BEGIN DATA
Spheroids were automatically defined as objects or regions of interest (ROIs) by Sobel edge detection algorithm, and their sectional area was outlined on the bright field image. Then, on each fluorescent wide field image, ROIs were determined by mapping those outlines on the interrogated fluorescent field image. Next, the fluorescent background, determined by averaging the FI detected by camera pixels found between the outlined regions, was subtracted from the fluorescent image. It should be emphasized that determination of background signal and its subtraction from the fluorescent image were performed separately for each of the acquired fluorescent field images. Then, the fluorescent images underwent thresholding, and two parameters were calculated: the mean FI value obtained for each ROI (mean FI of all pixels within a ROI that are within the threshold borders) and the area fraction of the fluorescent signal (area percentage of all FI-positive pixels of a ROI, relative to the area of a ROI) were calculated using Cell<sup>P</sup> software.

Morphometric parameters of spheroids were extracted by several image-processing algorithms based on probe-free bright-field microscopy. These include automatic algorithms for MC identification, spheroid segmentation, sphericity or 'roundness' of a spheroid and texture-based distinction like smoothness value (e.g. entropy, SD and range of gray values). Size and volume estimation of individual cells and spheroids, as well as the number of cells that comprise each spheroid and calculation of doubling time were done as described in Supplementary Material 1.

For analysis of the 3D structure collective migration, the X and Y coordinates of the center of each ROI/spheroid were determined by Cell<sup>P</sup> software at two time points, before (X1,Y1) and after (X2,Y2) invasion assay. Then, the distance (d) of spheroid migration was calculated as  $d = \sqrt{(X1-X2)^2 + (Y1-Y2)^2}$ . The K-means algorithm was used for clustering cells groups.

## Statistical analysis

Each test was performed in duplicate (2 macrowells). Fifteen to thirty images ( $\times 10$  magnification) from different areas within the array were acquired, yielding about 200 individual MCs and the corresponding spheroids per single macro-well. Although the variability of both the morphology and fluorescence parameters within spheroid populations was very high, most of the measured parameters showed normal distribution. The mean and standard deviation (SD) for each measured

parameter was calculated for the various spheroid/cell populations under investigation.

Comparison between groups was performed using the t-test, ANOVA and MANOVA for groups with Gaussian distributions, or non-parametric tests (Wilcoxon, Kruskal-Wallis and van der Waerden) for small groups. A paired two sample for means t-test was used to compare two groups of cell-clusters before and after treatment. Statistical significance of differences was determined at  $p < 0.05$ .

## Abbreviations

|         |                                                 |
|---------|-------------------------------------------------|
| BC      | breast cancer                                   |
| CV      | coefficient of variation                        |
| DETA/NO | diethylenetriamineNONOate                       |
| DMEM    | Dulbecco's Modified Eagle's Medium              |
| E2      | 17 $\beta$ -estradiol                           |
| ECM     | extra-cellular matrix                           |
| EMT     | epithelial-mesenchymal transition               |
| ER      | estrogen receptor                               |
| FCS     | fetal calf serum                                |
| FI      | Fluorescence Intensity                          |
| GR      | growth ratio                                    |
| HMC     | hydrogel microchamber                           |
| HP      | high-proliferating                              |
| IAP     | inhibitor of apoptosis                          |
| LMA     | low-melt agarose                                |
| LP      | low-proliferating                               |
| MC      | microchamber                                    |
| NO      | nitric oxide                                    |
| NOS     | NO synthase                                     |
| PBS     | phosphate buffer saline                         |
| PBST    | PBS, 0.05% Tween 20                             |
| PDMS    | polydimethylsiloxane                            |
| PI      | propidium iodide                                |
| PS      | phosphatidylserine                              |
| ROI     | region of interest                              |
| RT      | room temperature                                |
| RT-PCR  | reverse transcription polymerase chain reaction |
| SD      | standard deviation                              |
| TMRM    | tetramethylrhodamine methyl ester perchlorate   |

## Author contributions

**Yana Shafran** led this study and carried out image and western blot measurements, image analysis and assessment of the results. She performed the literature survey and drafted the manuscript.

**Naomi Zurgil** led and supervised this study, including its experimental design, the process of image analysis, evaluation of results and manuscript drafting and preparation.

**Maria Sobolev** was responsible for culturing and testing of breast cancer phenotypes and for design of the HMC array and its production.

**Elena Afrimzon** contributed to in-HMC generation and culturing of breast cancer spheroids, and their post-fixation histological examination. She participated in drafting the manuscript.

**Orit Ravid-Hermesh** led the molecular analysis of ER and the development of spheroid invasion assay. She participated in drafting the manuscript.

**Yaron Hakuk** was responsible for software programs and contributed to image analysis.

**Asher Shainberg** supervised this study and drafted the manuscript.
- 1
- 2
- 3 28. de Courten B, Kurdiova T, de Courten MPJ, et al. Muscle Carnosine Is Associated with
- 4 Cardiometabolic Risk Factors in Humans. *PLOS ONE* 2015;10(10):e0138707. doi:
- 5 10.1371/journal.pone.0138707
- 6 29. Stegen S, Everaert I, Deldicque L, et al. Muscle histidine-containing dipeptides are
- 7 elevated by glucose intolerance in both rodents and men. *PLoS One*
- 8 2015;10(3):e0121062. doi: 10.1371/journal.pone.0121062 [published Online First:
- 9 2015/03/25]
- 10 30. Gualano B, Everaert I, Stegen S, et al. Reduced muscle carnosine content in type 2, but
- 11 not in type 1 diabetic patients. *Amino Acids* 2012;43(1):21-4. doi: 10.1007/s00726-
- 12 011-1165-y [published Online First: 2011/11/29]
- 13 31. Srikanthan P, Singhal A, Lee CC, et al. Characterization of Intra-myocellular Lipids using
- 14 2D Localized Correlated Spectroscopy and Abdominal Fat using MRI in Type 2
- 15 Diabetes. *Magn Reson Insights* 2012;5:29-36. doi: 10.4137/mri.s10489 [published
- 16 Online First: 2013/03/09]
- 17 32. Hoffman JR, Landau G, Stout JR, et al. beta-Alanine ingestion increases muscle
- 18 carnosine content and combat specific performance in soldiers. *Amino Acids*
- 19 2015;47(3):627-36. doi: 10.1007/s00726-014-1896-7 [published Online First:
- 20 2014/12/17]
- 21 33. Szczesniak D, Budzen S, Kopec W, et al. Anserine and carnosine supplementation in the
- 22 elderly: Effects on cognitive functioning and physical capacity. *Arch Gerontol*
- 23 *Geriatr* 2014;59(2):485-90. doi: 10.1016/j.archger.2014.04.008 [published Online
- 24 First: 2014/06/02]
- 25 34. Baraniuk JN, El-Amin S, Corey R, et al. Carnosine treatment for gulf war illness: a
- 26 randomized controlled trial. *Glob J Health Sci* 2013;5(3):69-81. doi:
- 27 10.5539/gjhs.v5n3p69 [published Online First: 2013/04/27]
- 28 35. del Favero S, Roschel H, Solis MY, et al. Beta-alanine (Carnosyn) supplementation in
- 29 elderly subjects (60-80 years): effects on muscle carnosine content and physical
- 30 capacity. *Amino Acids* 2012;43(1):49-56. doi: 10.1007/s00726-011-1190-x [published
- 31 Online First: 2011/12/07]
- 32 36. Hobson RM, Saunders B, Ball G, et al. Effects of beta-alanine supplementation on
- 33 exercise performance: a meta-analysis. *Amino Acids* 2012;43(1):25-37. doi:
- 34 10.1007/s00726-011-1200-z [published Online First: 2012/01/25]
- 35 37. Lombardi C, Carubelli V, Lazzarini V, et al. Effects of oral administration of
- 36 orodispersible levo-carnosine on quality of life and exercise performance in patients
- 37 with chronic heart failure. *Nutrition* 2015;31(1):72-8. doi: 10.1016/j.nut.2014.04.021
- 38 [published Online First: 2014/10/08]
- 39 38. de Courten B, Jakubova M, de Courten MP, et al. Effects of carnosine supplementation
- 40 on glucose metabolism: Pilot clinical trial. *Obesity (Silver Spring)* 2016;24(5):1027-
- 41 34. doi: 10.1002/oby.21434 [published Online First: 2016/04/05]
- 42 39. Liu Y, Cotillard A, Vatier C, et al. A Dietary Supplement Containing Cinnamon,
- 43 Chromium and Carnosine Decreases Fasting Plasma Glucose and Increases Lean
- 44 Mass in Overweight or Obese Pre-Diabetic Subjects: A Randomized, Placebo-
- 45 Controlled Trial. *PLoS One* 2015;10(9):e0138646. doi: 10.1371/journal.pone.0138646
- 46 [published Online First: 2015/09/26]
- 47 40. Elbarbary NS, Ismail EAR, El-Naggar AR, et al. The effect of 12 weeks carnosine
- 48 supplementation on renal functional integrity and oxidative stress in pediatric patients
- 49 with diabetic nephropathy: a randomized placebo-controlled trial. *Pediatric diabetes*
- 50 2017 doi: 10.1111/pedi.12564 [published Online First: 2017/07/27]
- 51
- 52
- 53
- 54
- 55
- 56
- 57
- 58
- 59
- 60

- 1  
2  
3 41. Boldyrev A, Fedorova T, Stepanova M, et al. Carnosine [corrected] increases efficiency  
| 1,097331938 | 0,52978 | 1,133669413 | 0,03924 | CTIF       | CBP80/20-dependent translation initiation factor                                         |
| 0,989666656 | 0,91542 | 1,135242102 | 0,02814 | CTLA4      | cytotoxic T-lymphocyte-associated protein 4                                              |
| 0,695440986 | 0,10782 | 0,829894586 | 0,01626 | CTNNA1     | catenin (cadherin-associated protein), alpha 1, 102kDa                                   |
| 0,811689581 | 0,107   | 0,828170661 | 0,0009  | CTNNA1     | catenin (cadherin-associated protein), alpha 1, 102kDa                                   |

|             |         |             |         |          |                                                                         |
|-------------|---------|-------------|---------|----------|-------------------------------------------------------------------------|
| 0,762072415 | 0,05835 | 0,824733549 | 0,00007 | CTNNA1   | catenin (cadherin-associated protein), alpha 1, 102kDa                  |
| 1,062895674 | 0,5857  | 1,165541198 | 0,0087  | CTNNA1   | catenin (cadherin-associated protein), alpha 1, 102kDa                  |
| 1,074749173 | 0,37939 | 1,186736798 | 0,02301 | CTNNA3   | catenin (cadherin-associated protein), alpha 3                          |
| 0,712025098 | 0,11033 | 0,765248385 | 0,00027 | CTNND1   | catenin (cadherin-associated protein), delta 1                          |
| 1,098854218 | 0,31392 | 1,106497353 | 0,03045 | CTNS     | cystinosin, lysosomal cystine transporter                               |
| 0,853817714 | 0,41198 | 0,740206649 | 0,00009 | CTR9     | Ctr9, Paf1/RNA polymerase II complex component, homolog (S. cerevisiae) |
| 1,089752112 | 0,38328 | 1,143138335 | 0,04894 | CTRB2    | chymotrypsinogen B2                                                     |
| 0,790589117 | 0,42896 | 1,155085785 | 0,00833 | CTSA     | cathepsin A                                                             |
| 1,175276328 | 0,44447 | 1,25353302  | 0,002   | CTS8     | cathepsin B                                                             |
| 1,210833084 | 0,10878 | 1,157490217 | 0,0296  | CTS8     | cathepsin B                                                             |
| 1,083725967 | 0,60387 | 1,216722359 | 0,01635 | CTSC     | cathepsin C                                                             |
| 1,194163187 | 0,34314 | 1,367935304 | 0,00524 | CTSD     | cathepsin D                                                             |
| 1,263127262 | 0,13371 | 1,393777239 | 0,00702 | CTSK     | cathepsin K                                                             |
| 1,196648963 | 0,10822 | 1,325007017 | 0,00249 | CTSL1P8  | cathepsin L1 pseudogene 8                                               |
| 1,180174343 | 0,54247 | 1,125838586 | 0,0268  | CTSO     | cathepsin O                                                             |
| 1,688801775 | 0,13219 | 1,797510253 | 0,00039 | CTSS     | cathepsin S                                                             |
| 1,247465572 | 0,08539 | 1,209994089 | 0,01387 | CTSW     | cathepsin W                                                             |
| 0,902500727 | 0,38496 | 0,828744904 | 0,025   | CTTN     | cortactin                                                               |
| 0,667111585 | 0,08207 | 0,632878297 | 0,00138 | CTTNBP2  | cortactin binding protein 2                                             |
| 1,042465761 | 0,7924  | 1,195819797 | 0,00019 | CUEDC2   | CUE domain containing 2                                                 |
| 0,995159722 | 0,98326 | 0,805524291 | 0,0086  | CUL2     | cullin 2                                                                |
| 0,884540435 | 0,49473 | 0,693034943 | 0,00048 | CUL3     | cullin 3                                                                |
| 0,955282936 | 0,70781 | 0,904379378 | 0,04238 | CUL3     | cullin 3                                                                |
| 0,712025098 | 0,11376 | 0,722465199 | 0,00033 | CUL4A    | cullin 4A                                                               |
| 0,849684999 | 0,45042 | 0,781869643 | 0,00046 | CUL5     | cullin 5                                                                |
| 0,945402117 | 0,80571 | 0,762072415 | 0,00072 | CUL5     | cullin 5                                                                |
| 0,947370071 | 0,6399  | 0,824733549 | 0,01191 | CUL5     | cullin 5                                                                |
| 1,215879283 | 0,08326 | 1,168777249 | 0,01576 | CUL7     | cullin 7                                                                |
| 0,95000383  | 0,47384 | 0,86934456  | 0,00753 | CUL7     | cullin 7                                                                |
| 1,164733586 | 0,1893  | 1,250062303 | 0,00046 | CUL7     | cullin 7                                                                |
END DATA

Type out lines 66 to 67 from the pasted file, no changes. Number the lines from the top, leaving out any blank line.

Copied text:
- 19 2015;47(3):627-36. doi: 10.1007/s00726-014-1896-7 [published Online First:
- 20 2014/12/17]